Coffee & Conversation event expands cultural offerings

If you go

Coffee & Conversation cultural activities

When: Activities begin at approximately 10 a.m. Friday, Sept. 21.

Where: TouVelle Recreation Site, Central Point, Ore. Camping is available beginning Thursday evening, Sept. 20, to Sunday, Sept. 23.

More information: For maps, camping gear needs and a detailed agenda, contact Jordan.Mercier@grandronde.org or call 503-879-2185.

 

By Danielle Frost

Smoke Signals staff writer

The Grand Ronde Tribe is expanding cultural activities and providing a weekend of free camping in an effort to increase interest for Tribal members to make the 225-mile journey to a place of historical significance in southern Oregon.

Friday, Sept. 21, will mark the seventh annual Coffee & Conversation event in Medford to commemorate the 1853 treaty signing at Table Rocks and the September 2011 signing of a memorandum of understanding with the Bureau of Land Management and The Nature Conservancy to manage the Table Rocks area north of Medford.

Stephanie Craig, left, a traditional Tribal ethnobotanist, shows Desirae Hernandez a tarweed plant during the Tribal encampment held at the Lower Table Rock Trailhead near Medford last September. This year’s Coffee & Conversation will take place Friday, Sept. 21, at the Courtyard Marriott Medford Airport in Medford and the encampment is Thursday through Sunday, Sept. 20-23, at TouVelle State Recreation Site in Central Point. (Smoke Signals file photo)

The encampment portion will begin Thursday evening, Sept. 20, and run through Sunday, Sept. 23, at TouVelle State Recreation Site. Cultural activities will begin on Friday. There are no camping fees, and tents and sleeping bags will be provided for those who need them. Breakfast, lunch and dinner also will be included.

Cultural Education Coordinator Jordan Mercier will be leading the encampment activities, which include basket making, plant gathering, singing, dancing and hiking to the top of Lower Table Rock.

The Coffee & Conversation portion with Tribal Council, staff and area government officials and employees to learn more about the Tribe’s current and historical role in the area will take place at the Courtyard Marriott Hotel near Medford Airport. Cultural events will follow at the park. In past years, Tribal Attorney Rob Greene has led a hike to the top of Lower Table Rock for all who want to participate.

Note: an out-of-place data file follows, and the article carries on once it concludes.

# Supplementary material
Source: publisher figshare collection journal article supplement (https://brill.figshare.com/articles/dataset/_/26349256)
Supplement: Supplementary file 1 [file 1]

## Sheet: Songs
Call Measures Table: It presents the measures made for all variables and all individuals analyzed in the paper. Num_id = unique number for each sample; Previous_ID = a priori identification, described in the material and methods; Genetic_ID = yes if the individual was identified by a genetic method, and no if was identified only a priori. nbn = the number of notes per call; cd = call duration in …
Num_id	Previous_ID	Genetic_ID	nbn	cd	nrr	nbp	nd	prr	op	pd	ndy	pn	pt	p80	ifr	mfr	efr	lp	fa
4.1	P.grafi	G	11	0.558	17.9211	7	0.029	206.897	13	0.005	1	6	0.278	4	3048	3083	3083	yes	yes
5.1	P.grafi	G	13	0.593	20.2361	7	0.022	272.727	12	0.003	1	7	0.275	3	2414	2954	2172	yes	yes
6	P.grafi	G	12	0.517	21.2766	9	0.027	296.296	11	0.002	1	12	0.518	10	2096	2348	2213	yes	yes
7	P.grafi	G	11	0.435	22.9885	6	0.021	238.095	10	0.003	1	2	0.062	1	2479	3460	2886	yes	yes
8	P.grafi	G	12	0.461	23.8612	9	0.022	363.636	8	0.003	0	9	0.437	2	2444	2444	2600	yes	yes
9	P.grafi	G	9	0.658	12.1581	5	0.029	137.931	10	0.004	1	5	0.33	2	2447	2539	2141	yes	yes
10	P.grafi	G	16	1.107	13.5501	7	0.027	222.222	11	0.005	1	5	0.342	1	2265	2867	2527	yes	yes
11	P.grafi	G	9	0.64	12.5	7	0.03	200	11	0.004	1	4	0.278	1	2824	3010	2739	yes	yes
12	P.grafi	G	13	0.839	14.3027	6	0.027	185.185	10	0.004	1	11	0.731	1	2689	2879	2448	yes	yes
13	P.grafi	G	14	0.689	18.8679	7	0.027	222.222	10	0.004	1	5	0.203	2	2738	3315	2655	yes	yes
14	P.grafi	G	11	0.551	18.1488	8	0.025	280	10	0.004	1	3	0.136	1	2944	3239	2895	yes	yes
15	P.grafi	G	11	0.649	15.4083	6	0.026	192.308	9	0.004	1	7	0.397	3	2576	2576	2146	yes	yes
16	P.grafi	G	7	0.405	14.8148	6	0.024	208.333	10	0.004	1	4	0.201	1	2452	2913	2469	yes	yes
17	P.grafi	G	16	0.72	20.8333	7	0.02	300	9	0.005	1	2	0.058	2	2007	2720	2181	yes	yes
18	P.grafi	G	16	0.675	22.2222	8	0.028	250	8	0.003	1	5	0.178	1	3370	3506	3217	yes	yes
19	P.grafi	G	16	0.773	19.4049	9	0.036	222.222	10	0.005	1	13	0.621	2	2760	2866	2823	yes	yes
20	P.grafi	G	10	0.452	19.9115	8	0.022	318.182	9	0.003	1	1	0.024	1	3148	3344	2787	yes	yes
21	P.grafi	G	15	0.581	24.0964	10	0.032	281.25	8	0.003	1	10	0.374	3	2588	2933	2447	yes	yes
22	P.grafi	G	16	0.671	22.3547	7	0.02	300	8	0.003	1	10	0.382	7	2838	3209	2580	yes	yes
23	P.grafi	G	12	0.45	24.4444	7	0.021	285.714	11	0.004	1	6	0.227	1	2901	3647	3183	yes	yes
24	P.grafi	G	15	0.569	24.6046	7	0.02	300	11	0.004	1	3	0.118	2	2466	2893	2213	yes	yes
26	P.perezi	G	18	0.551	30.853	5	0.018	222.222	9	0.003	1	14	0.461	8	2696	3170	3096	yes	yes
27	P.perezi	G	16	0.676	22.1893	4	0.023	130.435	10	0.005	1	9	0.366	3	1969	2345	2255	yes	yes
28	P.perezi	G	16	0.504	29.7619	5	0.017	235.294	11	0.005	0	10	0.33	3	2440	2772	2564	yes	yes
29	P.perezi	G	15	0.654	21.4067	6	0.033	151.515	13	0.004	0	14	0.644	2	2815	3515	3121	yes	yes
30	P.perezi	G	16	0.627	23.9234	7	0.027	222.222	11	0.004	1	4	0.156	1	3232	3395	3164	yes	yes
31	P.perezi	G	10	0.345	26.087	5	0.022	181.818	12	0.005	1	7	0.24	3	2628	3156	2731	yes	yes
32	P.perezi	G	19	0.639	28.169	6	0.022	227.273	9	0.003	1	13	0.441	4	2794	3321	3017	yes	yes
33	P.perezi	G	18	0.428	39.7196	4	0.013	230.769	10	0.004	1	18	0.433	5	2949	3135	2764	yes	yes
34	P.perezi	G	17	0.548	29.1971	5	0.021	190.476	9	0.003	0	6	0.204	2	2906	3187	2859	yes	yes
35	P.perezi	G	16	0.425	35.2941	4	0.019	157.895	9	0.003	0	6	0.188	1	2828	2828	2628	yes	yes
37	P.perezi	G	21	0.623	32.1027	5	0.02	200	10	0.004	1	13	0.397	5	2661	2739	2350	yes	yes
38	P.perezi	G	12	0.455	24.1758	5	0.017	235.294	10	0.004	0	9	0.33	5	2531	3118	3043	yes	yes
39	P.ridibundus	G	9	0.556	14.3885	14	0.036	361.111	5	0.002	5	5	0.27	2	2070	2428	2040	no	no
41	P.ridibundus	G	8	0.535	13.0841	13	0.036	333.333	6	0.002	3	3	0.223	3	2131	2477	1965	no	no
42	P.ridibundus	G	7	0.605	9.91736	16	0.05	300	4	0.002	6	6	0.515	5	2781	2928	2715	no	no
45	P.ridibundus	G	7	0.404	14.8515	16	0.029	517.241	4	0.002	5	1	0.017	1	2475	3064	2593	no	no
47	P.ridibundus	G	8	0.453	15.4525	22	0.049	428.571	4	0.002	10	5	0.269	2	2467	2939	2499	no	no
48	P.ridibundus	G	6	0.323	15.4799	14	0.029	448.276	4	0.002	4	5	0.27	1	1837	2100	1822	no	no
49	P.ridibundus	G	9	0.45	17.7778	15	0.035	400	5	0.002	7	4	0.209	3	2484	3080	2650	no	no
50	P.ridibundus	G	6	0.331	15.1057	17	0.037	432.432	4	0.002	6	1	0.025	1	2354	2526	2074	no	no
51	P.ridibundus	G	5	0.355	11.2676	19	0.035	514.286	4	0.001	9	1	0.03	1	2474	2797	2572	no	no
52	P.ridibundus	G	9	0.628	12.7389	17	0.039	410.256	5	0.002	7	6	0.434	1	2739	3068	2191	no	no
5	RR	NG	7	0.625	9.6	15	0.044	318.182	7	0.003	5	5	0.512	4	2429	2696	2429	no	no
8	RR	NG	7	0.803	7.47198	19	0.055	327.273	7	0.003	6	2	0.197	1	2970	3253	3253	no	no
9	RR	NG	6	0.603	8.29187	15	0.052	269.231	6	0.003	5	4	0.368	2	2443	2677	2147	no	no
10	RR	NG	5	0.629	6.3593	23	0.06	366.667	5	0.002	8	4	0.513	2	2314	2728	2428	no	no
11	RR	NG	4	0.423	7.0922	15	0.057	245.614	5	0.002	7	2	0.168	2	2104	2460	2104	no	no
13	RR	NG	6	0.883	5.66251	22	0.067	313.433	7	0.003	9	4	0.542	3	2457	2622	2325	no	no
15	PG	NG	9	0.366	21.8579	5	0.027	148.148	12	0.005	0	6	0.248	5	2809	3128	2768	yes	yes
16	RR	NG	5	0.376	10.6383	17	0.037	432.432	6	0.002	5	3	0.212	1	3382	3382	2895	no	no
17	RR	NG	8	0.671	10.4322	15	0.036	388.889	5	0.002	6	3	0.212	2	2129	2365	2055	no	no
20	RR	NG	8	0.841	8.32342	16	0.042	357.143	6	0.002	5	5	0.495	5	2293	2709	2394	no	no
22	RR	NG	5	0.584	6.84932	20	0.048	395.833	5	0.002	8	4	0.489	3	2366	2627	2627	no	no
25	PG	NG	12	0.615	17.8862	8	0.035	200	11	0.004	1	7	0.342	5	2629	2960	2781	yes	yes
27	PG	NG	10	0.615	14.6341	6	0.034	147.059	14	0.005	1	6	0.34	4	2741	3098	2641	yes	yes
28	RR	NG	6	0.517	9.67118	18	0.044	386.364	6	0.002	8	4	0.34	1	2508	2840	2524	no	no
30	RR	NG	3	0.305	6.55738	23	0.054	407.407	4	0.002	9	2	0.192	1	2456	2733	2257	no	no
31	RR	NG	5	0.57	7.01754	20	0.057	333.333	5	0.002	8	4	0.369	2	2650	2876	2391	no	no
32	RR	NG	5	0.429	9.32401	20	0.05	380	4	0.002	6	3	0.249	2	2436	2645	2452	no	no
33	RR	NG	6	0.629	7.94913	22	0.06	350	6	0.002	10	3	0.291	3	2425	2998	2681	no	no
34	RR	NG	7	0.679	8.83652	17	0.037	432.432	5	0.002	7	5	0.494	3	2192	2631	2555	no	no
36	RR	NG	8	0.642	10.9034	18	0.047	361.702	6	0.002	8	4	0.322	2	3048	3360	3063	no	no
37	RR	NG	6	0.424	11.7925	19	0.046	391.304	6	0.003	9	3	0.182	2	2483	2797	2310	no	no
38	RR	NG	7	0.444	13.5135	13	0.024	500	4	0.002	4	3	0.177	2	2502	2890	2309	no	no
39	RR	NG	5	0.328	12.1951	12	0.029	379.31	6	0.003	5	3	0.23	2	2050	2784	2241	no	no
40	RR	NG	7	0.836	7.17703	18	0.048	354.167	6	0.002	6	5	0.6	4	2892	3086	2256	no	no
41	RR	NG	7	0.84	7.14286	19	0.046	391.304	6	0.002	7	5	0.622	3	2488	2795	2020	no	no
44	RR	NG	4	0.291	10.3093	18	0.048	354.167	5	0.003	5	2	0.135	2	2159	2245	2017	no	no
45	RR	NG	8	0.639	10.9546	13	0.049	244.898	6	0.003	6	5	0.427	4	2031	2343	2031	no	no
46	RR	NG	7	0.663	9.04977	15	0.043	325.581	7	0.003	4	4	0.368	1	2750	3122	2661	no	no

Expanding the cultural activities from three hours to three days is no small task, but Mercier said he is up for the challenge.

“In the past, the Tribal encampment has always been pretty small, but this year we’re doing camping for the whole weekend and it’s the first time the (Cultural Resources) department has done something down there,” Mercier said. “We are attempting to expand it and trying to get Tribal members to increase their presence in the area. Hopefully, we get people interested.”

Cultural activities will begin at approximately 10 a.m. Friday, but will be kept unstructured and open to input from attendees.

“It mostly depends on who shows up and what they want to do,” Mercier said. “We will be going out and doing gathering at some point. It will be acorns, sage, whatever is in the area. It is right along the Rogue River so it’s a good location. … We’ll also do an activity more focused at the camp and if people show up who have knowledge and want to do something, we’ll do that too.”

Upper and Lower Table Rock have significant cultural and historical importance to the Grand Ronde Tribe because Rogue River Tribal members lived in the area since time immemorial and were held there temporarily until they were force-marched to the Grand Ronde Reservation during 1856’s Trail of Tears.

Since the signing of the 2011 memorandum of understanding, the Grand Ronde Tribe has held an annual event in Medford to establish and maintain relationships with federal, state, county and city officials in the area.

The state has waived parking and camping fees for the Tribe.

“We are exercising our sovereignty here,” Mercier said. “I also want other Tribes to know this is going on and that we invite them to come as well.”